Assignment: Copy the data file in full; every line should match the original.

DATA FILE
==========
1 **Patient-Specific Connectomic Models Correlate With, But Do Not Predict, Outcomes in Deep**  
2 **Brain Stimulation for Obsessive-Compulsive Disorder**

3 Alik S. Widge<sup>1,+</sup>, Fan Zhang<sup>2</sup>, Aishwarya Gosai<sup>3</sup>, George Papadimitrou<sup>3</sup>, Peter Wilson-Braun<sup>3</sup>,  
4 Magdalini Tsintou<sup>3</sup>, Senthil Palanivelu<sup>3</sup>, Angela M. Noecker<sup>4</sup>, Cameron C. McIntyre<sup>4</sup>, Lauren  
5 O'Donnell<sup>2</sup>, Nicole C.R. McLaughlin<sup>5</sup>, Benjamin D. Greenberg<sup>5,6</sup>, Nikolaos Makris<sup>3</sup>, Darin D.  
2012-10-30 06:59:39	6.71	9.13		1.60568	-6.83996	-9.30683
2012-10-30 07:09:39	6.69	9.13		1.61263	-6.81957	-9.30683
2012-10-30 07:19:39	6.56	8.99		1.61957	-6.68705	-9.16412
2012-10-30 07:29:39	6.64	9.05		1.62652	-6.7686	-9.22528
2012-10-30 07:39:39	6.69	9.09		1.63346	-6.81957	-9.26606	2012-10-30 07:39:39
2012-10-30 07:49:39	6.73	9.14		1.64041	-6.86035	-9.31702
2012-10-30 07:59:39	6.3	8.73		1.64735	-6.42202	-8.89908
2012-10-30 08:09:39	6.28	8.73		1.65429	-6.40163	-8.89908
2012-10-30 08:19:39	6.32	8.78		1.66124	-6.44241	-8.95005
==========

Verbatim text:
1 **Patient-Specific Connectomic Models Correlate With, But Do Not Predict, Outcomes in Deep**  
2 **Brain Stimulation for Obsessive-Compulsive Disorder**

3 Alik S. Widge<sup>1,+</sup>, Fan Zhang<sup>2</sup>, Aishwarya Gosai<sup>3</sup>, George Papadimitrou<sup>3</sup>, Peter Wilson-Braun<sup>3</sup>,  
4 Magdalini Tsintou<sup>3</sup>, Senthil Palanivelu<sup>3</sup>, Angela M. Noecker<sup>4</sup>, Cameron C. McIntyre<sup>4</sup>, Lauren  
5 O'Donnell<sup>2</sup>, Nicole C.R. McLaughlin<sup>5</sup>, Benjamin D. Greenberg<sup>5,6</sup>, Nikolaos Makris<sup>3</sup>, Darin D.  
2012-10-30 06:59:39	6.71	9.13		1.60568	-6.83996	-9.30683
2012-10-30 07:09:39	6.69	9.13		1.61263	-6.81957	-9.30683
2012-10-30 07:19:39	6.56	8.99		1.61957	-6.68705	-9.16412
2012-10-30 07:29:39	6.64	9.05		1.62652	-6.7686	-9.22528
2012-10-30 07:39:39	6.69	9.09		1.63346	-6.81957	-9.26606	2012-10-30 07:39:39
2012-10-30 07:49:39	6.73	9.14		1.64041	-6.86035	-9.31702
2012-10-30 07:59:39	6.3	8.73		1.64735	-6.42202	-8.89908
2012-10-30 08:09:39	6.28	8.73		1.65429	-6.40163	-8.89908
2012-10-30 08:19:39	6.32	8.78		1.66124	-6.44241	-8.95005